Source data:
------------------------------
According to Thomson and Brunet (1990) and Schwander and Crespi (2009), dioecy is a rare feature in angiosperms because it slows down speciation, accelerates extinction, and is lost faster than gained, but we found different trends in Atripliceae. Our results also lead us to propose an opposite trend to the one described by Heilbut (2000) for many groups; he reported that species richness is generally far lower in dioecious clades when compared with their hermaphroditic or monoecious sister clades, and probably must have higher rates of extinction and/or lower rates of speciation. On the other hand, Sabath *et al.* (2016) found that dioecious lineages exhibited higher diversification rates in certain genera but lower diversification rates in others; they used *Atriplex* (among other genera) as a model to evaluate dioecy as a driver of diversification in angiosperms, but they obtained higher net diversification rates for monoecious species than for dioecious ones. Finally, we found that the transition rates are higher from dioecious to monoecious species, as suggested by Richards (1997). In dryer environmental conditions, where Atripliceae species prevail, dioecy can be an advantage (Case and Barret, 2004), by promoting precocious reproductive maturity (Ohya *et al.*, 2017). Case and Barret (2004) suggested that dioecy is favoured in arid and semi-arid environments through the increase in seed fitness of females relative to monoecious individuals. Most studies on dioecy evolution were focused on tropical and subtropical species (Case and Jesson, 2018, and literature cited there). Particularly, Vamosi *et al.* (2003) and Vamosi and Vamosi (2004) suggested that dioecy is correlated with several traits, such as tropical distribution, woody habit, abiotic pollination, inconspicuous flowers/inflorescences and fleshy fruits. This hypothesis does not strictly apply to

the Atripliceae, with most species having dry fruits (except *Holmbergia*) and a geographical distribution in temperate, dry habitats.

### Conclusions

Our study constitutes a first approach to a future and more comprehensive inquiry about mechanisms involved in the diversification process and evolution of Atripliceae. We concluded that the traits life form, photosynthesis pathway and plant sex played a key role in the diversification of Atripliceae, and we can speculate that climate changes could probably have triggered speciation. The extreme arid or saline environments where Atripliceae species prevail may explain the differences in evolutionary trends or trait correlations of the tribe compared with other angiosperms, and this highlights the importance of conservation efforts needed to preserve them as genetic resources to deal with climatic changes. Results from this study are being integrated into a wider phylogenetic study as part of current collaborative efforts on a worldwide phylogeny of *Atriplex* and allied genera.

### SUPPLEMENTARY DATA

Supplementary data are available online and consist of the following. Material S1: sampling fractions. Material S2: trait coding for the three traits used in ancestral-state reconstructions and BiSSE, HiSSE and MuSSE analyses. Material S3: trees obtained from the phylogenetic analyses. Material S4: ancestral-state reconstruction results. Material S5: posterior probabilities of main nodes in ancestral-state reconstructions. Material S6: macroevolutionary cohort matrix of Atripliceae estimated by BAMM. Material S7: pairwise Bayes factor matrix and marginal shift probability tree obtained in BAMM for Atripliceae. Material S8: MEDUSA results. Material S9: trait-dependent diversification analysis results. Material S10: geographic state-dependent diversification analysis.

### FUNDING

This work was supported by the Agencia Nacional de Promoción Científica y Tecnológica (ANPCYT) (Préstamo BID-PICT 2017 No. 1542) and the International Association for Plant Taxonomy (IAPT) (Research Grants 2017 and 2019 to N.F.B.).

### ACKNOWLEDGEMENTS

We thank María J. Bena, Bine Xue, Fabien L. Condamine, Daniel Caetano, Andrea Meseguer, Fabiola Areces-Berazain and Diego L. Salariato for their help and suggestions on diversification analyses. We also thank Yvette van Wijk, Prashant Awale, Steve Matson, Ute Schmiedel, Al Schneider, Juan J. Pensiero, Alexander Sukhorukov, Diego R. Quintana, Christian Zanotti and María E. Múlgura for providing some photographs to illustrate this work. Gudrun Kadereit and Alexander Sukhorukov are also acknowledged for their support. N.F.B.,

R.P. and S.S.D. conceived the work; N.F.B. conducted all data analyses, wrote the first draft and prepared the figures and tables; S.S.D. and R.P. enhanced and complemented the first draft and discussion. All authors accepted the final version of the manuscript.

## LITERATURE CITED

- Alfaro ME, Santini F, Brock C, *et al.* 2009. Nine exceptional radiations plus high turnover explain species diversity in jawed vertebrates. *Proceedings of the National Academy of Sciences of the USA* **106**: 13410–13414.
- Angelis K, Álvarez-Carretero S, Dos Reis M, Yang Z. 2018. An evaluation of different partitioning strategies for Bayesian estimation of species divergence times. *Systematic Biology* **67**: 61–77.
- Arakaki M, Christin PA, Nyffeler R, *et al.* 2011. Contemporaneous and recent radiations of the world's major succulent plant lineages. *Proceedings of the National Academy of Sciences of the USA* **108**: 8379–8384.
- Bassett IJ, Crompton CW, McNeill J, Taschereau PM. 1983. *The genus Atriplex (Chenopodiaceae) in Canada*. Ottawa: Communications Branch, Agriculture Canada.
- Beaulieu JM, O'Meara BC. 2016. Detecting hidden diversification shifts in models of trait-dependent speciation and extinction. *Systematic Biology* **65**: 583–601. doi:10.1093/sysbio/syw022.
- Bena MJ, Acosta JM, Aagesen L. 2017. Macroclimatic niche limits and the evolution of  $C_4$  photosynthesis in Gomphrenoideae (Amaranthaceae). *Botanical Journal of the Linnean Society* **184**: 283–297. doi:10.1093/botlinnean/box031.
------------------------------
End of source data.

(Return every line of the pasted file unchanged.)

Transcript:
According to Thomson and Brunet (1990) and Schwander and Crespi (2009), dioecy is a rare feature in angiosperms because it slows down speciation, accelerates extinction, and is lost faster than gained, but we found different trends in Atripliceae. Our results also lead us to propose an opposite trend to the one described by Heilbut (2000) for many groups; he reported that species richness is generally far lower in dioecious clades when compared with their hermaphroditic or monoecious sister clades, and probably must have higher rates of extinction and/or lower rates of speciation. On the other hand, Sabath *et al.* (2016) found that dioecious lineages exhibited higher diversification rates in certain genera but lower diversification rates in others; they used *Atriplex* (among other genera) as a model to evaluate dioecy as a driver of diversification in angiosperms, but they obtained higher net diversification rates for monoecious species than for dioecious ones. Finally, we found that the transition rates are higher from dioecious to monoecious species, as suggested by Richards (1997). In dryer environmental conditions, where Atripliceae species prevail, dioecy can be an advantage (Case and Barret, 2004), by promoting precocious reproductive maturity (Ohya *et al.*, 2017). Case and Barret (2004) suggested that dioecy is favoured in arid and semi-arid environments through the increase in seed fitness of females relative to monoecious individuals. Most studies on dioecy evolution were focused on tropical and subtropical species (Case and Jesson, 2018, and literature cited there). Particularly, Vamosi *et al.* (2003) and Vamosi and Vamosi (2004) suggested that dioecy is correlated with several traits, such as tropical distribution, woody habit, abiotic pollination, inconspicuous flowers/inflorescences and fleshy fruits. This hypothesis does not strictly apply to

the Atripliceae, with most species having dry fruits (except *Holmbergia*) and a geographical distribution in temperate, dry habitats.

### Conclusions

Our study constitutes a first approach to a future and more comprehensive inquiry about mechanisms involved in the diversification process and evolution of Atripliceae. We concluded that the traits life form, photosynthesis pathway and plant sex played a key role in the diversification of Atripliceae, and we can speculate that climate changes could probably have triggered speciation. The extreme arid or saline environments where Atripliceae species prevail may explain the differences in evolutionary trends or trait correlations of the tribe compared with other angiosperms, and this highlights the importance of conservation efforts needed to preserve them as genetic resources to deal with climatic changes. Results from this study are being integrated into a wider phylogenetic study as part of current collaborative efforts on a worldwide phylogeny of *Atriplex* and allied genera.

### SUPPLEMENTARY DATA

Supplementary data are available online and consist of the following. Material S1: sampling fractions. Material S2: trait coding for the three traits used in ancestral-state reconstructions and BiSSE, HiSSE and MuSSE analyses. Material S3: trees obtained from the phylogenetic analyses. Material S4: ancestral-state reconstruction results. Material S5: posterior probabilities of main nodes in ancestral-state reconstructions. Material S6: macroevolutionary cohort matrix of Atripliceae estimated by BAMM. Material S7: pairwise Bayes factor matrix and marginal shift probability tree obtained in BAMM for Atripliceae. Material S8: MEDUSA results. Material S9: trait-dependent diversification analysis results. Material S10: geographic state-dependent diversification analysis.

### FUNDING

This work was supported by the Agencia Nacional de Promoción Científica y Tecnológica (ANPCYT) (Préstamo BID-PICT 2017 No. 1542) and the International Association for Plant Taxonomy (IAPT) (Research Grants 2017 and 2019 to N.F.B.).

### ACKNOWLEDGEMENTS

We thank María J. Bena, Bine Xue, Fabien L. Condamine, Daniel Caetano, Andrea Meseguer, Fabiola Areces-Berazain and Diego L. Salariato for their help and suggestions on diversification analyses. We also thank Yvette van Wijk, Prashant Awale, Steve Matson, Ute Schmiedel, Al Schneider, Juan J. Pensiero, Alexander Sukhorukov, Diego R. Quintana, Christian Zanotti and María E. Múlgura for providing some photographs to illustrate this work. Gudrun Kadereit and Alexander Sukhorukov are also acknowledged for their support. N.F.B.,

R.P. and S.S.D. conceived the work; N.F.B. conducted all data analyses, wrote the first draft and prepared the figures and tables; S.S.D. and R.P. enhanced and complemented the first draft and discussion. All authors accepted the final version of the manuscript.

## LITERATURE CITED

- Alfaro ME, Santini F, Brock C, *et al.* 2009. Nine exceptional radiations plus high turnover explain species diversity in jawed vertebrates. *Proceedings of the National Academy of Sciences of the USA* **106**: 13410–13414.
- Angelis K, Álvarez-Carretero S, Dos Reis M, Yang Z. 2018. An evaluation of different partitioning strategies for Bayesian estimation of species divergence times. *Systematic Biology* **67**: 61–77.
- Arakaki M, Christin PA, Nyffeler R, *et al.* 2011. Contemporaneous and recent radiations of the world's major succulent plant lineages. *Proceedings of the National Academy of Sciences of the USA* **108**: 8379–8384.
- Bassett IJ, Crompton CW, McNeill J, Taschereau PM. 1983. *The genus Atriplex (Chenopodiaceae) in Canada*. Ottawa: Communications Branch, Agriculture Canada.
- Beaulieu JM, O'Meara BC. 2016. Detecting hidden diversification shifts in models of trait-dependent speciation and extinction. *Systematic Biology* **65**: 583–601. doi:10.1093/sysbio/syw022.
- Bena MJ, Acosta JM, Aagesen L. 2017. Macroclimatic niche limits and the evolution of  $C_4$  photosynthesis in Gomphrenoideae (Amaranthaceae). *Botanical Journal of the Linnean Society* **184**: 283–297. doi:10.1093/botlinnean/box031.